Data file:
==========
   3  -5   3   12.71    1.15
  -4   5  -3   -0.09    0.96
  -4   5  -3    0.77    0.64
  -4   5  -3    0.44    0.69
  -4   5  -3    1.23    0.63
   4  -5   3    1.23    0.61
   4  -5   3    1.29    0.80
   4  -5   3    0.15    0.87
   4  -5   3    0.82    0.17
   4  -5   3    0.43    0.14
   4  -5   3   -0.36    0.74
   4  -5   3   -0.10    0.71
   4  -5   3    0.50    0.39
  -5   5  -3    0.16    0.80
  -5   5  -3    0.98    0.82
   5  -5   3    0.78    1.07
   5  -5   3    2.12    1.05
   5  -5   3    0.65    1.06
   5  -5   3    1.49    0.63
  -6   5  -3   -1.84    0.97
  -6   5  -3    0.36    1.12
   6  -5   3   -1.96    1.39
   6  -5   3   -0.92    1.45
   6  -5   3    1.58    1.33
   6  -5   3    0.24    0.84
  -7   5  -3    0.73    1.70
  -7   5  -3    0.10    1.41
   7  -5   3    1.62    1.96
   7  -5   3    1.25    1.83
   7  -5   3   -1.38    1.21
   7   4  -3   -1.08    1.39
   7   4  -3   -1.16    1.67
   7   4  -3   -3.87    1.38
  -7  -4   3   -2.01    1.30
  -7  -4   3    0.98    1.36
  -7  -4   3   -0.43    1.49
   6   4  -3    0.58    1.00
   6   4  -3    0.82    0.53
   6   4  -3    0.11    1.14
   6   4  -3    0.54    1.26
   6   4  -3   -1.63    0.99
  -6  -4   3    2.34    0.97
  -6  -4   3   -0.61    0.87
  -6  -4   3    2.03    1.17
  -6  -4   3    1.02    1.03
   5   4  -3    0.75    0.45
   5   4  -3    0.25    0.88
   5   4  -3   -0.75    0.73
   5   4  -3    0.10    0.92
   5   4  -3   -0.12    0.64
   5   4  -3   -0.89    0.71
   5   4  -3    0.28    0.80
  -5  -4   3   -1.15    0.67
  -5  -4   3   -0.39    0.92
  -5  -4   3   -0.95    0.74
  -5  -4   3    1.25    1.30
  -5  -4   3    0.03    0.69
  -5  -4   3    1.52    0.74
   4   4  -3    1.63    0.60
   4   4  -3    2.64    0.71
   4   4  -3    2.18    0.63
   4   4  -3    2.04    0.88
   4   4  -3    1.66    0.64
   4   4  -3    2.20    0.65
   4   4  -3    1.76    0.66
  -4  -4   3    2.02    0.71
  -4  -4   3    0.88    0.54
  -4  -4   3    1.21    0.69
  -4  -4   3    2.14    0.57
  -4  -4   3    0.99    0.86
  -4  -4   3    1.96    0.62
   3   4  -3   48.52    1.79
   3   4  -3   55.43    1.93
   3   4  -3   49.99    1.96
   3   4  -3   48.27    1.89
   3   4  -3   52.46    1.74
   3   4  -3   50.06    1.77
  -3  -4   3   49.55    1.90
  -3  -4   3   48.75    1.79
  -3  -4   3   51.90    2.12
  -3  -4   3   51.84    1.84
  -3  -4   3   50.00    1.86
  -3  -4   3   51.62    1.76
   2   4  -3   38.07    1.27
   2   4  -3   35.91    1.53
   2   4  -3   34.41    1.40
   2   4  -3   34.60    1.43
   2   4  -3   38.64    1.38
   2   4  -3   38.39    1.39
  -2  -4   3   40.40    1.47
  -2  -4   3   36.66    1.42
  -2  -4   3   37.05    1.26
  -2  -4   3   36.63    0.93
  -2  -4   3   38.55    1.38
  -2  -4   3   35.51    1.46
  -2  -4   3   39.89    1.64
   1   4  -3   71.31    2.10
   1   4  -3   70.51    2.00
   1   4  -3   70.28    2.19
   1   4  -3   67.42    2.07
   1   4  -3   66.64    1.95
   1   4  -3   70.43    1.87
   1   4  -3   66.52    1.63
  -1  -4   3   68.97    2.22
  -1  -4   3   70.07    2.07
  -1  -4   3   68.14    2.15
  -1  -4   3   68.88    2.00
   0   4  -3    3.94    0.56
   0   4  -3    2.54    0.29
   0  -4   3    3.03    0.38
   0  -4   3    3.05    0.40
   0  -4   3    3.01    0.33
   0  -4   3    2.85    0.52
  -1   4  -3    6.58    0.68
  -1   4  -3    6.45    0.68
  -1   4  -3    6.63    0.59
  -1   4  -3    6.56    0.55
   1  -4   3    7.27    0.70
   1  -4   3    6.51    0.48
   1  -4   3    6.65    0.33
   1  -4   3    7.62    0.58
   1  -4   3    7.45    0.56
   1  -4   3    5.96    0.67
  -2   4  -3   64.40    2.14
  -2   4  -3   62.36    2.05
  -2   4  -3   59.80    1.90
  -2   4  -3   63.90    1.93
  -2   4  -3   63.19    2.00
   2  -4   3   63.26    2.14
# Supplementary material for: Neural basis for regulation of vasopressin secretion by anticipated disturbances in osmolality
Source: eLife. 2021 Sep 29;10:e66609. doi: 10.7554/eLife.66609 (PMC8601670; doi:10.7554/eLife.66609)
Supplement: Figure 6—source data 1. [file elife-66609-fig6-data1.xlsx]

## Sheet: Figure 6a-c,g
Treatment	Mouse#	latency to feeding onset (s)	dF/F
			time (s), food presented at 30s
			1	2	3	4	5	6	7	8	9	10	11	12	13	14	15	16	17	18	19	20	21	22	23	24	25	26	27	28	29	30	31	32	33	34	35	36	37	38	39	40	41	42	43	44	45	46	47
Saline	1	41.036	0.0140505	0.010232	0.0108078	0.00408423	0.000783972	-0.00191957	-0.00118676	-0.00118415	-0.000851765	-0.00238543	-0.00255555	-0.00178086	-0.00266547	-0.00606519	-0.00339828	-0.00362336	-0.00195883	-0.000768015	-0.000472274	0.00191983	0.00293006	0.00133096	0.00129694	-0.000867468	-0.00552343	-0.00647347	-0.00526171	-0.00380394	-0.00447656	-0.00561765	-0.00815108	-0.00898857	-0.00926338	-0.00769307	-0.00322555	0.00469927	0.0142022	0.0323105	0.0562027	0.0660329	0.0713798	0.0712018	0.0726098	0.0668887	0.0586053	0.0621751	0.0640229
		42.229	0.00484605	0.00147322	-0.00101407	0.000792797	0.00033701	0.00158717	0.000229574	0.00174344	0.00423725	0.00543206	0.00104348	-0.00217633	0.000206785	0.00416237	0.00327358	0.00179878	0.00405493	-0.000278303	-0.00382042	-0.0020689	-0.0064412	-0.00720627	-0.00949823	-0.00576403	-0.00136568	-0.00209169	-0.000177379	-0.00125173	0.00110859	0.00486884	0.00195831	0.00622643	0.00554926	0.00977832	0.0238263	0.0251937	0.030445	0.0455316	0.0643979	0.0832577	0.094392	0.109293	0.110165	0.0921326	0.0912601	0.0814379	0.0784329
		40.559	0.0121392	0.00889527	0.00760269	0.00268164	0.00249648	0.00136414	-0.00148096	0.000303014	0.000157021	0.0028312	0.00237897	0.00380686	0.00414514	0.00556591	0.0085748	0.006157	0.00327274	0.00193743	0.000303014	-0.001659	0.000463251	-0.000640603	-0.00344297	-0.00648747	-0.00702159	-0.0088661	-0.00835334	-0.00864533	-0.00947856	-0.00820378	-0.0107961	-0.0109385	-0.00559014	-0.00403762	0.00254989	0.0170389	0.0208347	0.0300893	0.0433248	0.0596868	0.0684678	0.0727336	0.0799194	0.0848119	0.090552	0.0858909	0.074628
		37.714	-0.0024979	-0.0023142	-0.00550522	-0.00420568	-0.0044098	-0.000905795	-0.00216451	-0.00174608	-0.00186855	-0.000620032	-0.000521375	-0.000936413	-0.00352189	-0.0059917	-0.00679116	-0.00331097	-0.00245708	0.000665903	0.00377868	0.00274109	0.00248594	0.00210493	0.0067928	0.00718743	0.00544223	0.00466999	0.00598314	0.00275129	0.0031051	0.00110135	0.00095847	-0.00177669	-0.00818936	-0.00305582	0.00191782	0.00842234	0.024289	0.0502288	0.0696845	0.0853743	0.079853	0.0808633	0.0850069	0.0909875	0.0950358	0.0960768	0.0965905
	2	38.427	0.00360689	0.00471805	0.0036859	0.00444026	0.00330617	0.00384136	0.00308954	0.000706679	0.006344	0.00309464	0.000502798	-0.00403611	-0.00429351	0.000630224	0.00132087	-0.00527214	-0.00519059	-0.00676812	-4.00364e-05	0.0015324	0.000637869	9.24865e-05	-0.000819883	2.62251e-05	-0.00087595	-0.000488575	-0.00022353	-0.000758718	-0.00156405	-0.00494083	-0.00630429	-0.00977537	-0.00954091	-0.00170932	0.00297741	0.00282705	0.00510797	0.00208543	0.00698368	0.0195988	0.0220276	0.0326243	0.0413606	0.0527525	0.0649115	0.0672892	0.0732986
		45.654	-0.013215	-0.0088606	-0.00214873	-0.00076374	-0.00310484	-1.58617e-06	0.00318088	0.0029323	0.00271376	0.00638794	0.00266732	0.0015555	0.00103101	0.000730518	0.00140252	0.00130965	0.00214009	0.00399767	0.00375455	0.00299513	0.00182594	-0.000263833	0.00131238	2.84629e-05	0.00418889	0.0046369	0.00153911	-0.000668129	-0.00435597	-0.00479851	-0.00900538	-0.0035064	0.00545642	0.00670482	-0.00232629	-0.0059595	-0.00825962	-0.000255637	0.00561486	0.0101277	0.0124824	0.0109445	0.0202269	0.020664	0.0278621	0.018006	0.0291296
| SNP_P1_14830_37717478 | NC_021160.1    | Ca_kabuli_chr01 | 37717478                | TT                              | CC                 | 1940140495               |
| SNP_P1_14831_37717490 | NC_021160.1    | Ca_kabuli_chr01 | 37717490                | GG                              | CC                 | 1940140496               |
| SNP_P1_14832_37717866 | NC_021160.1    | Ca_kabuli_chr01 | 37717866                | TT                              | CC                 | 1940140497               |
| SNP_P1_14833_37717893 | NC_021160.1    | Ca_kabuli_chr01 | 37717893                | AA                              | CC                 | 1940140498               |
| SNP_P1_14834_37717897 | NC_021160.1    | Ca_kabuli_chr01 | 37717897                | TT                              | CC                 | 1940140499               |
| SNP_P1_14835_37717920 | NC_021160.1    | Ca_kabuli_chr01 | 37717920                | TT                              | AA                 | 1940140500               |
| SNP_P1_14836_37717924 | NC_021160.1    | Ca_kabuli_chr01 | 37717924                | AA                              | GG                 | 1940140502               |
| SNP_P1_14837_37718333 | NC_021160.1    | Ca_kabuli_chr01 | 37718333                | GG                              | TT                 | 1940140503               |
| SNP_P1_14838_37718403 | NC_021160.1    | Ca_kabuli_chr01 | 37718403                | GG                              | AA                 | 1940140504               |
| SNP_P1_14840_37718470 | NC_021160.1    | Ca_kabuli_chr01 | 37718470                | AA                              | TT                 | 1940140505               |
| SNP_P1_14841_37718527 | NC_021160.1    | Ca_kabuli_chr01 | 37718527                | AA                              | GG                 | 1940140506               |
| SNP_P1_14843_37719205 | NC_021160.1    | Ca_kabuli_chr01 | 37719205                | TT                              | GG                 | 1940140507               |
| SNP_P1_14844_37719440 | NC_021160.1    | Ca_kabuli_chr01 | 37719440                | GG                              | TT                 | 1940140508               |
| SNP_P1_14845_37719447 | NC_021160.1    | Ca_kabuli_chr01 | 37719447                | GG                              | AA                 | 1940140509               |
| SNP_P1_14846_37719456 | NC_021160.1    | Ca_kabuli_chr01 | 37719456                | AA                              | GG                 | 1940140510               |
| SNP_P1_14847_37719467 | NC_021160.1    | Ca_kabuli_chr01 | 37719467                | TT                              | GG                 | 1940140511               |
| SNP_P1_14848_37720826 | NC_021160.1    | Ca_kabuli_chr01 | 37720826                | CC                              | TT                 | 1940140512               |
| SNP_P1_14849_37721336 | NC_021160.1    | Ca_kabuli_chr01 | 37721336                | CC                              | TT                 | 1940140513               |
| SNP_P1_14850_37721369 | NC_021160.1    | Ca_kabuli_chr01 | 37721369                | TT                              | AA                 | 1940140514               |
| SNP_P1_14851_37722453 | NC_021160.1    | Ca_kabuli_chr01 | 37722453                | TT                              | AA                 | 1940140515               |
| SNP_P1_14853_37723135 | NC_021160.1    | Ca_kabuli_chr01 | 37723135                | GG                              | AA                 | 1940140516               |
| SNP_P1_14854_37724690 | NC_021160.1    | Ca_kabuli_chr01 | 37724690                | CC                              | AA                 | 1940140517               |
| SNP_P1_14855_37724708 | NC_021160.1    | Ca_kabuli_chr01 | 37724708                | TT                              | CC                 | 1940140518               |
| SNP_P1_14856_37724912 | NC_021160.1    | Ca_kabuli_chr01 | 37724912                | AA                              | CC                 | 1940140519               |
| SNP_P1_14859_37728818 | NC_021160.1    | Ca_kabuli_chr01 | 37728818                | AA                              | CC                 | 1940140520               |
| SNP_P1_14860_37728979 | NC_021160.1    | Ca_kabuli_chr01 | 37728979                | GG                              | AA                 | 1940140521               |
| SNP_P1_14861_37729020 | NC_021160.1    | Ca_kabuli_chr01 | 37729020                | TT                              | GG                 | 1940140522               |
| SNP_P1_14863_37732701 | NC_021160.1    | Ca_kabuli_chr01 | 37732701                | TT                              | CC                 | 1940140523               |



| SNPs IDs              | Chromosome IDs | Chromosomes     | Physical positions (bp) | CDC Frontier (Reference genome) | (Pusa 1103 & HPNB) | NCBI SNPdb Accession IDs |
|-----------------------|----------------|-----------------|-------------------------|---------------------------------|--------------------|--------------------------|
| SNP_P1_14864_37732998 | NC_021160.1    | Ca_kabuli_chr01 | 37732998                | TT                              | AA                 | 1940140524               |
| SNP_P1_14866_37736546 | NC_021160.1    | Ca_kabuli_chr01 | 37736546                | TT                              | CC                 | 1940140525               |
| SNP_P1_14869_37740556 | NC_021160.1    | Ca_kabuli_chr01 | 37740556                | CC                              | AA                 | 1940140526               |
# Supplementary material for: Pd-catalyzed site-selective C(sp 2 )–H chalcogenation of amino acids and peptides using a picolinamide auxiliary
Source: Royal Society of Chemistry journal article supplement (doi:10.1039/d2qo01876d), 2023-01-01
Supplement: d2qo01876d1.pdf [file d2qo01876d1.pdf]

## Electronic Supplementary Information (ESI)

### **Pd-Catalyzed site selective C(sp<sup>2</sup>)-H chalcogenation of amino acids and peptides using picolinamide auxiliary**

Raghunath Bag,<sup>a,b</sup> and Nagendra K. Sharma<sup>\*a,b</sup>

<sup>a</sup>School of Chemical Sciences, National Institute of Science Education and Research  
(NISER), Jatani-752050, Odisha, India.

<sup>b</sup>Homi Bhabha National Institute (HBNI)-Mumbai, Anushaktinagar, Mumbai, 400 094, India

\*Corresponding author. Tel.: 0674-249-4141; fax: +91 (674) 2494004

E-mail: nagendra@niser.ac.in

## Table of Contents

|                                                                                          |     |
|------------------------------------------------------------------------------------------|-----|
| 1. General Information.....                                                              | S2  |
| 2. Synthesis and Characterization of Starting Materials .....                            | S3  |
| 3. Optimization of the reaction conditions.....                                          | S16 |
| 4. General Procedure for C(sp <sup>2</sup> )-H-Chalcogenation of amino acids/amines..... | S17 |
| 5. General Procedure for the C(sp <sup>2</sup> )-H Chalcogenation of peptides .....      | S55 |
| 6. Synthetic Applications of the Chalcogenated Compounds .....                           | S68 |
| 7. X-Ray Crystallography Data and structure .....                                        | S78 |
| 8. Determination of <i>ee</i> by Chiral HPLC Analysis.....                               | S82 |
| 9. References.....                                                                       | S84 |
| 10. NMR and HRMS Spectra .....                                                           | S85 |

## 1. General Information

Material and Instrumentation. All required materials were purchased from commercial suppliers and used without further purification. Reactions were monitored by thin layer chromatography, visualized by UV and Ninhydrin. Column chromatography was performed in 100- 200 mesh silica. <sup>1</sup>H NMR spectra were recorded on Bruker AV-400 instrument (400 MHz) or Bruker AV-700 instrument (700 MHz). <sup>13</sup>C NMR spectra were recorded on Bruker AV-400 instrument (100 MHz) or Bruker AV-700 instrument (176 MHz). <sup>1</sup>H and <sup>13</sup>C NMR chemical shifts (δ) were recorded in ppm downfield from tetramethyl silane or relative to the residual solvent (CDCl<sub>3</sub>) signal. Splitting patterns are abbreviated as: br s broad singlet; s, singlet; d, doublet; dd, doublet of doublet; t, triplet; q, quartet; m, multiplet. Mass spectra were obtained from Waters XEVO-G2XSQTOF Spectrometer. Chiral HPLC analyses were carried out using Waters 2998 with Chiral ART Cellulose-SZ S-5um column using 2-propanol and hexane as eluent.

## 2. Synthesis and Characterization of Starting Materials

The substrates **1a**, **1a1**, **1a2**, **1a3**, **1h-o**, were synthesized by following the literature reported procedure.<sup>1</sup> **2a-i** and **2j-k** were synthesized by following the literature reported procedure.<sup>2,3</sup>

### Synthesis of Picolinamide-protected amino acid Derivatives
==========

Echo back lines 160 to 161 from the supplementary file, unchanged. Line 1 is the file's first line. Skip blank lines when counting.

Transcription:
| SNP_P1_14849_37721336 | NC_021160.1    | Ca_kabuli_chr01 | 37721336                | CC                              | TT                 | 1940140513               |
| SNP_P1_14850_37721369 | NC_021160.1    | Ca_kabuli_chr01 | 37721369                | TT                              | AA                 | 1940140514               |